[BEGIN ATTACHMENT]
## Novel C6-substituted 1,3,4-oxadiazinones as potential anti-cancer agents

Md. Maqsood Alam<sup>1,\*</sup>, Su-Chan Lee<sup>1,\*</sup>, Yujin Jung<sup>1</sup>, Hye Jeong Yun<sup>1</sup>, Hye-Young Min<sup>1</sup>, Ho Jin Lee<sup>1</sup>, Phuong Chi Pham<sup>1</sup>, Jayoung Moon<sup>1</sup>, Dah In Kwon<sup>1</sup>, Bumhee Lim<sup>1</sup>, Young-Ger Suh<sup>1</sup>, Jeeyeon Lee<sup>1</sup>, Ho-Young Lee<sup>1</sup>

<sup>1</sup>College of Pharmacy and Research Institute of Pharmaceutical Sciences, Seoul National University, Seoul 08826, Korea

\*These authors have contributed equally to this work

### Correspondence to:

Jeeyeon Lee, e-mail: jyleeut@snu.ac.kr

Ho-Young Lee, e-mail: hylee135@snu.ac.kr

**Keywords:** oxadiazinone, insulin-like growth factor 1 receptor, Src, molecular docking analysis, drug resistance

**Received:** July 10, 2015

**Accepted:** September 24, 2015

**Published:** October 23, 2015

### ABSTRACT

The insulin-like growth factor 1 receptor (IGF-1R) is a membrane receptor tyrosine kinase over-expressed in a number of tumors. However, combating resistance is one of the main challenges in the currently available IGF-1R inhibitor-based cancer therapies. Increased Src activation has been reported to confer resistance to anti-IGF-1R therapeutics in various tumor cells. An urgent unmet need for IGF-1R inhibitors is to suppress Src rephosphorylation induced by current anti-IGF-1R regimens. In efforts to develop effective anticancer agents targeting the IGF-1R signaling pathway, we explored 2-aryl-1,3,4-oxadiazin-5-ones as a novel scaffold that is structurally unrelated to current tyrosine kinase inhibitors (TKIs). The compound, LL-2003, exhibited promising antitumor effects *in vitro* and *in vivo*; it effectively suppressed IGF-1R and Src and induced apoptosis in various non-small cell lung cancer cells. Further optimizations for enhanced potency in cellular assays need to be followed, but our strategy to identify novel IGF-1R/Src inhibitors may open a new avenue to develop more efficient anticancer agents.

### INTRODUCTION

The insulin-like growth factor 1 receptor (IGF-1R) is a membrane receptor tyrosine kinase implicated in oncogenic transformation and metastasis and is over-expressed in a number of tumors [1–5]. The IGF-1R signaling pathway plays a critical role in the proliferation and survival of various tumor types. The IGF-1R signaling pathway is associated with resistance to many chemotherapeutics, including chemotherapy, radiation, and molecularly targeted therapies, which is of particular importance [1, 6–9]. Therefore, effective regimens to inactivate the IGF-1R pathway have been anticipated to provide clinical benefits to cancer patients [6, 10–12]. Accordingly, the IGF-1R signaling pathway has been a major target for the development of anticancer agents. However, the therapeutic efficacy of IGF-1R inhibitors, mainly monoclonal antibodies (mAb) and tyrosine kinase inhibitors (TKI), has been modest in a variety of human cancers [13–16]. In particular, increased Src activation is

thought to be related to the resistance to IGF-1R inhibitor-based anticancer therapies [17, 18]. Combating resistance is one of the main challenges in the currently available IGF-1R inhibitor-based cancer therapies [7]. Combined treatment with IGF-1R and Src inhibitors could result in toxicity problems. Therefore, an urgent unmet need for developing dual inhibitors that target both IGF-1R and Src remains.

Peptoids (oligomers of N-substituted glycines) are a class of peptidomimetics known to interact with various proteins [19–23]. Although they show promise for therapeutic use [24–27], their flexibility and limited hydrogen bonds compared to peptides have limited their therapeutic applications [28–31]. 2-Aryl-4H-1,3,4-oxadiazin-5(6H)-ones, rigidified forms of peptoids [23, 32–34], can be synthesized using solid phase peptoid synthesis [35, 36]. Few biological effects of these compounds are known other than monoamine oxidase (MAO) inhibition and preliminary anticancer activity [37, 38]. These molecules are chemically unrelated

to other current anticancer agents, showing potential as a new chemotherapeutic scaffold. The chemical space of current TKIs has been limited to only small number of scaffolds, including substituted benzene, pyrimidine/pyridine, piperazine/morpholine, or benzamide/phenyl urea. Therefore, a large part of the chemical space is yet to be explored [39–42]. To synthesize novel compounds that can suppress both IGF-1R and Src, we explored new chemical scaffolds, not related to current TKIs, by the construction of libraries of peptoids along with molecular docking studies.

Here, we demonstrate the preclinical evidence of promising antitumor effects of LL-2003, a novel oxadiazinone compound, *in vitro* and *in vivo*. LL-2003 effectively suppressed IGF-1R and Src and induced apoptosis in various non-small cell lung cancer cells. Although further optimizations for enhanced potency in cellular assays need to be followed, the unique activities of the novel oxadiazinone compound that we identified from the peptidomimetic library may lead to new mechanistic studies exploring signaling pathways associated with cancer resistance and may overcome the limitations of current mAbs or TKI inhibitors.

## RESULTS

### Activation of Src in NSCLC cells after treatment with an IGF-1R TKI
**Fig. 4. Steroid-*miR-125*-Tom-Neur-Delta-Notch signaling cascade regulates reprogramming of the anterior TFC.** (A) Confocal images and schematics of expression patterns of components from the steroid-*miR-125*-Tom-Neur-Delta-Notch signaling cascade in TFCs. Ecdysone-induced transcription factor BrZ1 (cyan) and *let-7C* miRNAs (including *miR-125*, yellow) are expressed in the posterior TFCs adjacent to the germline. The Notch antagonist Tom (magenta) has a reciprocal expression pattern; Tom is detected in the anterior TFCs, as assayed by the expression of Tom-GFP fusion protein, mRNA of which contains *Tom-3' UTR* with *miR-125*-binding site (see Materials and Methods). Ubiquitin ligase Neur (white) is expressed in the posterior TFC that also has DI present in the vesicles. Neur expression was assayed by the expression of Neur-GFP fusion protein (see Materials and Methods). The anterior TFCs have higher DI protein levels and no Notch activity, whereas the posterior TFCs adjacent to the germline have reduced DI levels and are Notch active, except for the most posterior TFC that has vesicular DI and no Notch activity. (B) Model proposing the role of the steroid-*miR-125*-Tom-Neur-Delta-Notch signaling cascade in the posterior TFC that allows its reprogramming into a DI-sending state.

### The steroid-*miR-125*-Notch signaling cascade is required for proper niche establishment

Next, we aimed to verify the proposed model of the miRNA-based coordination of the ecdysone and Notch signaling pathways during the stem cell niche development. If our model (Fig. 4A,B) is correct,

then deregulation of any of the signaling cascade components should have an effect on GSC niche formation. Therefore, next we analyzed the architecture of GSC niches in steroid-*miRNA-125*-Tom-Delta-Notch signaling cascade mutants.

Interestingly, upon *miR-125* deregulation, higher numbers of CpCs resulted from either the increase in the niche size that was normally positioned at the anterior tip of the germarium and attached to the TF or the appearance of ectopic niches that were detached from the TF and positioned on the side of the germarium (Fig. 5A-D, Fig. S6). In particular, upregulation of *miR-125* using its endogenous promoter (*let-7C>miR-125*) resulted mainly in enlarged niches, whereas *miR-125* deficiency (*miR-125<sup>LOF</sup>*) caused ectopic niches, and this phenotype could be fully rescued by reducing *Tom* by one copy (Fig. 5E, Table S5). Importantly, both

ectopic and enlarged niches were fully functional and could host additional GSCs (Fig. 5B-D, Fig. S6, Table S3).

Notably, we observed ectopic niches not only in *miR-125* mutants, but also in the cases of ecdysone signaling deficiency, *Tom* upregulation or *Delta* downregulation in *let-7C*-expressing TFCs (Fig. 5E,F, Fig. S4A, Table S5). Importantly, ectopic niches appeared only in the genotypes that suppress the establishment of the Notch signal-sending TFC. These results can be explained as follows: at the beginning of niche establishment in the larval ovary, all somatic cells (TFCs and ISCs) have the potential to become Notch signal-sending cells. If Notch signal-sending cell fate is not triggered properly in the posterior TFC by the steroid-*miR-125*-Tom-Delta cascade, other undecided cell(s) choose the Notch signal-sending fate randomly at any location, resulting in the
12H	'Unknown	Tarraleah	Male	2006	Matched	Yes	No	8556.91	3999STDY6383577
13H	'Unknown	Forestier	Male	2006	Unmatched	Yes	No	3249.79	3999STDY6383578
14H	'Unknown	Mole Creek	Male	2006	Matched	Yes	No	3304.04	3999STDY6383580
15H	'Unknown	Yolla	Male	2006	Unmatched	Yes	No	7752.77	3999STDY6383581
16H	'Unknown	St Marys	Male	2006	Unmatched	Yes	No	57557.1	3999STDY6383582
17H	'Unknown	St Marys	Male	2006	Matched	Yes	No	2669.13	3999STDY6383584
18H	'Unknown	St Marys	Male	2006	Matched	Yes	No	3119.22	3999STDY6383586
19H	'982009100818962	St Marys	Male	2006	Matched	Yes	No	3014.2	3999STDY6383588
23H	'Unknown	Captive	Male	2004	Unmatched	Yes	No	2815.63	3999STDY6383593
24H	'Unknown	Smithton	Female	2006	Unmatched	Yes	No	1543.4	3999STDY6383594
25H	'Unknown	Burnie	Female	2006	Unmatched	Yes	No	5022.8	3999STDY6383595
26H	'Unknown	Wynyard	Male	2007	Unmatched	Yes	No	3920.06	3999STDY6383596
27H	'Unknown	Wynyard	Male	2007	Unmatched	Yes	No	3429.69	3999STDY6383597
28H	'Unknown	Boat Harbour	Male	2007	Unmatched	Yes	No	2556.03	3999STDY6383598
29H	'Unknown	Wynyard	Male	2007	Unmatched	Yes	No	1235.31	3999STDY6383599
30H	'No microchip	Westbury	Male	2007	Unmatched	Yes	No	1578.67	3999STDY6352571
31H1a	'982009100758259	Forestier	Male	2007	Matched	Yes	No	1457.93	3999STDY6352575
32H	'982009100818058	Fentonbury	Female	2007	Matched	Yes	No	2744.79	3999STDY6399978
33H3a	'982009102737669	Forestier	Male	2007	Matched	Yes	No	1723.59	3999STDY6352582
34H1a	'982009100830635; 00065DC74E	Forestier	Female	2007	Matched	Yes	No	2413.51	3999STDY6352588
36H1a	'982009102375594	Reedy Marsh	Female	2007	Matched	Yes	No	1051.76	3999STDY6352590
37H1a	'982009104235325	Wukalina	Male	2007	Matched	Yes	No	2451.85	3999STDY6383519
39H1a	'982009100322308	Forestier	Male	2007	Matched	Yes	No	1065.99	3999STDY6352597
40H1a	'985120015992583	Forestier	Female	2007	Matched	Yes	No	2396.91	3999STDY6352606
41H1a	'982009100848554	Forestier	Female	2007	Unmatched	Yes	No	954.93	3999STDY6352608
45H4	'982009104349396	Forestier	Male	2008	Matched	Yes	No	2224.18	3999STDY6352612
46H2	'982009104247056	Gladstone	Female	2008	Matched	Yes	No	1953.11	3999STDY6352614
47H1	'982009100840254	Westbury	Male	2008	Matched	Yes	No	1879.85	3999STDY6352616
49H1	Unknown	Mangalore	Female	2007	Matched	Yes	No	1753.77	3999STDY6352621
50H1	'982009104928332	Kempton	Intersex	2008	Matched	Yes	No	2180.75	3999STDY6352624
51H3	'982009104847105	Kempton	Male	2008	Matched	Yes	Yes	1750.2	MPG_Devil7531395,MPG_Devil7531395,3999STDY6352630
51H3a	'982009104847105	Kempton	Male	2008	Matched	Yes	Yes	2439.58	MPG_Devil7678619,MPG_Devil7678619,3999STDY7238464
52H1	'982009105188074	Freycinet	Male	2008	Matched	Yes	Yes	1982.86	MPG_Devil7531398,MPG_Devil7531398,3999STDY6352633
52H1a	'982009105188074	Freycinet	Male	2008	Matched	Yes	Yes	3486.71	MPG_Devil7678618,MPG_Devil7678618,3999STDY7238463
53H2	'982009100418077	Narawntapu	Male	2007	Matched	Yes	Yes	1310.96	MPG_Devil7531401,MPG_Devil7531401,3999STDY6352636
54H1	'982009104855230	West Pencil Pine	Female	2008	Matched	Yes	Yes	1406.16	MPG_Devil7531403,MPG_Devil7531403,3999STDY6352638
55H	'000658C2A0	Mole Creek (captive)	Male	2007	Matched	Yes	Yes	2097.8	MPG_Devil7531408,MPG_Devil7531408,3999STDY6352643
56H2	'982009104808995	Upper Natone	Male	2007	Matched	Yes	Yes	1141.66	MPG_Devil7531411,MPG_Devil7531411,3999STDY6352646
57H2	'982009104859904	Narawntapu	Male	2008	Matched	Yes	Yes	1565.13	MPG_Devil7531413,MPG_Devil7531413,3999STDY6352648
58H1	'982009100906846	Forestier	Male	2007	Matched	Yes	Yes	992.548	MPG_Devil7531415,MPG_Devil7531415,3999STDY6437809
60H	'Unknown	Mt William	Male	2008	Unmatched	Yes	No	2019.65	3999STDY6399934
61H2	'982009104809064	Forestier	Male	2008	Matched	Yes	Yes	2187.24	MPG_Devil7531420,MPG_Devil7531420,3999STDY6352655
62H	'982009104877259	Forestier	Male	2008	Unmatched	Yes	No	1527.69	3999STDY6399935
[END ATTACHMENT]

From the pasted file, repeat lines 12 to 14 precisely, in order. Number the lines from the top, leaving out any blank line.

### ABSTRACT

The insulin-like growth factor 1 receptor (IGF-1R) is a membrane receptor tyrosine kinase over-expressed in a number of tumors. However, combating resistance is one of the main challenges in the currently available IGF-1R inhibitor-based cancer therapies. Increased Src activation has been reported to confer resistance to anti-IGF-1R therapeutics in various tumor cells. An urgent unmet need for IGF-1R inhibitors is to suppress Src rephosphorylation induced by current anti-IGF-1R regimens. In efforts to develop effective anticancer agents targeting the IGF-1R signaling pathway, we explored 2-aryl-1,3,4-oxadiazin-5-ones as a novel scaffold that is structurally unrelated to current tyrosine kinase inhibitors (TKIs). The compound, LL-2003, exhibited promising antitumor effects *in vitro* and *in vivo*; it effectively suppressed IGF-1R and Src and induced apoptosis in various non-small cell lung cancer cells. Further optimizations for enhanced potency in cellular assays need to be followed, but our strategy to identify novel IGF-1R/Src inhibitors may open a new avenue to develop more efficient anticancer agents.

### INTRODUCTION